Federal workers may not get payroll tax holiday

By Joe Davidson
Washington Post Staff Writer
Monday, December 13, 2010; 8:57 PM

For hundreds of thousands of federal workers, Scrooge seems to be running the merrymakers out of town.

It's the holiday season, but federal staffers, along with millions of state and local public employees, won't get the tax holiday included in legislation that jumped a procedural hurdle in the Senate on Monday.

At the same time, those federal workers, the ones covered by the Civil Service Retirement System, are facing a two-year pay freeze, as are most government employees. On top of that, an agreement reached last week between President Obama and congressional Republicans would end the Making Work Pay program, which provided a $400 annual tax credit.

The result: About 426,000 federal workers covered by CSRS would pay more in taxes next year, while most Americans pay less.

That doesn't sound fair to Joseph A. Beaudoin, president of the National Active and Retired Federal Employees Association. "Offering relief to all workers - both retirees of the private or public sectors - is a matter of equity," he said in a letter to senators.

The reason CSRS and other workers are being left behind is that they don't pay into the Social Security system. The tax holiday would reduce the amount paid by other employees in Social Security payroll taxes from 6.2 percent to 4.2 percent.

But CSRS folks can't get that break because they have no Social Security tax to cut.

The Office of Management and Budget acknowledges tax bills would increase for the affected workers but adds: "Crucially, this tax cut is part of a larger framework agreement that secures the extension of other tax cuts including the Child Tax Credit, the Earned Income Tax Credit and the American Opportunity Tax Credit and ensures that unemployment insurance isn't cut off for millions of Americans fighting to find a job."

Meg Reilly, an OMB spokeswoman, said "the cumulative impact of these provisions will be good for America's working families and our economy."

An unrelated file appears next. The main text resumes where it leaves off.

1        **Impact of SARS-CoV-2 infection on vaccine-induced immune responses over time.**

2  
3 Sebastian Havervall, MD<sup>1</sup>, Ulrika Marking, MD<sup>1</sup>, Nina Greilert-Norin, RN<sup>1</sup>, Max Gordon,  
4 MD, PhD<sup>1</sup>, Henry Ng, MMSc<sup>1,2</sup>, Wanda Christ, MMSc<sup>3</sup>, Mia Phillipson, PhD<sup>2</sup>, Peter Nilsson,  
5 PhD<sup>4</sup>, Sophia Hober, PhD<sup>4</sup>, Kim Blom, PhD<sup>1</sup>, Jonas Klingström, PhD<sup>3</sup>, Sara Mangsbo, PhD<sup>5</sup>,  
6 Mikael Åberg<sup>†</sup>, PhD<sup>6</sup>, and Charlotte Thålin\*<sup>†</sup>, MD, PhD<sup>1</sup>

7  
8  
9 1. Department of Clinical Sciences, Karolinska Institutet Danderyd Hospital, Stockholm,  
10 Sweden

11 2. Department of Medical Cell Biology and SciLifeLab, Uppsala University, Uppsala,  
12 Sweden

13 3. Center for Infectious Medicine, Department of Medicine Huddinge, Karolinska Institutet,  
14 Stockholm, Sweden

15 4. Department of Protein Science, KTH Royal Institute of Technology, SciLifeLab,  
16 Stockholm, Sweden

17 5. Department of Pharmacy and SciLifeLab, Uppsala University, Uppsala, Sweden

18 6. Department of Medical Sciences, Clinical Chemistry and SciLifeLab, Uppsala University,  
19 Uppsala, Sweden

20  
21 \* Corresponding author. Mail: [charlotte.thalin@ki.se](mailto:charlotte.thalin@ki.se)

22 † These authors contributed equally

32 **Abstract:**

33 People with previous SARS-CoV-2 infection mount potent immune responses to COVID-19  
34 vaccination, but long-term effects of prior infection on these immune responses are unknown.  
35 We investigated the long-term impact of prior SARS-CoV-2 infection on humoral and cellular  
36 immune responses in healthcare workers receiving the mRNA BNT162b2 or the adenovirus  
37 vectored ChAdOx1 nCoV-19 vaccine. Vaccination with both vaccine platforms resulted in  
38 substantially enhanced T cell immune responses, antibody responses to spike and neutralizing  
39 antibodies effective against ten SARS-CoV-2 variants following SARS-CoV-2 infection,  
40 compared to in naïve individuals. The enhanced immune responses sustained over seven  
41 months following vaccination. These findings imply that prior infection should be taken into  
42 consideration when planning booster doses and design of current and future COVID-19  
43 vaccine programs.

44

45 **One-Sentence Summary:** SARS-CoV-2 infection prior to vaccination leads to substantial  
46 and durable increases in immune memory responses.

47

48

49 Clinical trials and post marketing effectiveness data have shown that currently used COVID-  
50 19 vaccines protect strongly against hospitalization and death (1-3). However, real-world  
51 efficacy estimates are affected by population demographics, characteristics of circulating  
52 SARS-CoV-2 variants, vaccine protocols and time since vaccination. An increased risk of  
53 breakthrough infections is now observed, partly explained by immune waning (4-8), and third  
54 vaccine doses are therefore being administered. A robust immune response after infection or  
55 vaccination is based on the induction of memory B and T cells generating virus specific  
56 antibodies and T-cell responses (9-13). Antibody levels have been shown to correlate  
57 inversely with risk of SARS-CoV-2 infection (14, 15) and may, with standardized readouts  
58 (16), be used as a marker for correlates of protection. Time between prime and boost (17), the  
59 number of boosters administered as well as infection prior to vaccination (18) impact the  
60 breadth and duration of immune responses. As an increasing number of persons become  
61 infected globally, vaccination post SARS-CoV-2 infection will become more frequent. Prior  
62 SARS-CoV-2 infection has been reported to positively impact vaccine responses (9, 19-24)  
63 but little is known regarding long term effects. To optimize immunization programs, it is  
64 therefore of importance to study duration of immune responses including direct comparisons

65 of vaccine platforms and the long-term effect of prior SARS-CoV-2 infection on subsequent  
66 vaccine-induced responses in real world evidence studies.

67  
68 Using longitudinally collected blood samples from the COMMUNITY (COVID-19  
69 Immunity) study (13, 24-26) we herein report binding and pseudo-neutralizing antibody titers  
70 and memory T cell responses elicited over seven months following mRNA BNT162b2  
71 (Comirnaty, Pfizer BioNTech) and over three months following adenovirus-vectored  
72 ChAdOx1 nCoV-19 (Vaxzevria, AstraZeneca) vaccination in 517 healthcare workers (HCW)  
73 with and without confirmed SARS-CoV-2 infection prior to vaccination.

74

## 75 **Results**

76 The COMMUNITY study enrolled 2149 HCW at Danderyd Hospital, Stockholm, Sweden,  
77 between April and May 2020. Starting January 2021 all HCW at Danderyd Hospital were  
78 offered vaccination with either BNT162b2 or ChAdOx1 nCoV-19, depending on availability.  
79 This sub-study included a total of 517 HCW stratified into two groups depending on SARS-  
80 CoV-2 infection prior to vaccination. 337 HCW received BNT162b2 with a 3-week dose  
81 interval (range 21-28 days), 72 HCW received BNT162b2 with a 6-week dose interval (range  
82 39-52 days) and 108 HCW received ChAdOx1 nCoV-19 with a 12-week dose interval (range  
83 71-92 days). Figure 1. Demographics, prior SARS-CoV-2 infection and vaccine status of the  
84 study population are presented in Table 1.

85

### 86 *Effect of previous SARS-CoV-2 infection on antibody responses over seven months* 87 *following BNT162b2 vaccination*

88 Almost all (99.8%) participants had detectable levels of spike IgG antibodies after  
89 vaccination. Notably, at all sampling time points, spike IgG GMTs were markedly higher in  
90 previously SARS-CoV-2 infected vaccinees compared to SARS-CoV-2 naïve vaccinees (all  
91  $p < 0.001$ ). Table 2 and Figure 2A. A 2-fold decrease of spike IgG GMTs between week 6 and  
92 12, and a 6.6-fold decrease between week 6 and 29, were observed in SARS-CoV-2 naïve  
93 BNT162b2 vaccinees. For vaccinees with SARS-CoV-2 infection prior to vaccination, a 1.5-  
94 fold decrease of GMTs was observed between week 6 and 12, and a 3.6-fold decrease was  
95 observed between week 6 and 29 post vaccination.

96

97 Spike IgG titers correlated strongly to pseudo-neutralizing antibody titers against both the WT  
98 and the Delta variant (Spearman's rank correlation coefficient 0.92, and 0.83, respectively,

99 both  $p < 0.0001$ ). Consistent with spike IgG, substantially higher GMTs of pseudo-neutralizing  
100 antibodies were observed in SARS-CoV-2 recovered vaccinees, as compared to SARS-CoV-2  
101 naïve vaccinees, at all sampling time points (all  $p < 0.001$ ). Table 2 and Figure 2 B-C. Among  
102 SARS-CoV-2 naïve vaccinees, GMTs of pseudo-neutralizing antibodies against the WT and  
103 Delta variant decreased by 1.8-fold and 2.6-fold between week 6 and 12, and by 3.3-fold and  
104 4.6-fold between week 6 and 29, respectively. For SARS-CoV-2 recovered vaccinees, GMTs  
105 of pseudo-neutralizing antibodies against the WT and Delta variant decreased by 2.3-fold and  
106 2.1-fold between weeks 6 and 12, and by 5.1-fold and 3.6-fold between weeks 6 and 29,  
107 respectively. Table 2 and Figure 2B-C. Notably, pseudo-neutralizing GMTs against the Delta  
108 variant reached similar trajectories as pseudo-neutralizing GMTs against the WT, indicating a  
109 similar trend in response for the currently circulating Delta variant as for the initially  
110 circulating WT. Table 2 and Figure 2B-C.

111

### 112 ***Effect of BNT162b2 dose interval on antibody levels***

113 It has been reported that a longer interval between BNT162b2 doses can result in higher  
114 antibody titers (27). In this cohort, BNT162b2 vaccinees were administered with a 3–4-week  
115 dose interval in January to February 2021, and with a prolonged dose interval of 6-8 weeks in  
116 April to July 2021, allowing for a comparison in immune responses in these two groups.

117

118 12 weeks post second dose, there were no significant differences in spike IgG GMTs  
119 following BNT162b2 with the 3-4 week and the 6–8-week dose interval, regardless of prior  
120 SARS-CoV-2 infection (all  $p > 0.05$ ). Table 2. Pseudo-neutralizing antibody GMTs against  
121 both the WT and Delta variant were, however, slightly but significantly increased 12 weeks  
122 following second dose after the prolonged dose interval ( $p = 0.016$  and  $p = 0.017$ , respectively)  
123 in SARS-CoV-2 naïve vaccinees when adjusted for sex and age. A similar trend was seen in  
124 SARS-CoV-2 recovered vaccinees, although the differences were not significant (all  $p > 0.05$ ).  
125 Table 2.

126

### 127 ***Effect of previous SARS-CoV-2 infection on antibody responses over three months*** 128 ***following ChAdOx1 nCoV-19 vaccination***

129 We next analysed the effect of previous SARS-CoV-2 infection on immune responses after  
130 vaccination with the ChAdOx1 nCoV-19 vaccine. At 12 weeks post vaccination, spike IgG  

Yet, treating CSRS folks equitably could be easily done, according to the nonprofit Citizens for Tax Justice. Congress could reduce withholding by an additional 2 percent from the wages of workers who don't pay into Social Security, or excluded workers could be allowed to claim a 2 percent credit on their federal income taxes.

But despite protests from employee and other organizations, Congress does not appear willing to give public employees the same break others will get.

"I'm still surprised they are not going to fix it," said Bob McIntyre, director of Citizens for Tax Justice.

Without a fix, federal employees under CSRS "will be seeing not only a pay freeze but the lack of a 2% tax cut that both private sector and federal employees covered by FERS (Federal Employee Retirement System) will benefit from," Colleen M. Kelley, president of the National Treasury Employees Union, complained in a letter to the Senate.

John Gage, president of the American Federation of Government Employees, agreed: "Congress should rectify this disparity by providing CSRS workers with an equivalent 2 percent cut in their pension contributions."

While there is no relief in sight for CSRS people, Congress has fixed another problem with the agreement that would have hit FERS employees. They pay 7 percent of their salary into the Civil Service Retirement and Disability Fund, minus the 6.2 percent they pay in Social Security taxes.

If their Social Security payment is reduced by two points to 4.2 percent, as the legislation calls for, the amount they would pay into the fund would increase to 2.8 percent of their salary from 0.8 percent. "We believe that supporters of the payroll tax holiday would want to resolve this unintended inequity," Beaudoin said in a letter to senators.

That has been done. Congress has inserted language into the tax agreement legislation that would allow FERS employees to benefit from the tax break. Under the fix, FERS employees would pay 4.2 percent of their salary in Social Security taxes next year, like most other Americans.

New whistleblower provision

Legislation that provides enhanced protections for federal employees and contractors who report cases of waste, fraud and abuse now moves to the House after winning Senate approval late Friday.

The Whistleblower Protection Enhancement Act was approved using the Senate's unanimous consent procedure. The legislation would allow jury trials, with certain limitations, for employees who take legal action against agencies for allegedly retaliating against workers who expose wrongdoing. This is a pilot provision that would automatically expire in five years unless renewed.

Under law, the U.S. Circuit Court of Appeals is the only court permitted to hear appeals by whistleblowers in cases of retaliation against them. "The Court has single-handedly gutted" current whistleblower protections, the coalition said.

Other provisions expand whistleblower protections for transportation security officers and intelligence community workers, allow government contractors to make classified whistleblowing reports to Congress and facilitate action by the Office of Special Counsel against those responsible for illegal retaliation against whistleblowers.

Whistleblower advocates were not able to persuade the Senate to include jury trials for the CIA and other intelligence community whistleblowers who charge agencies with retaliation.

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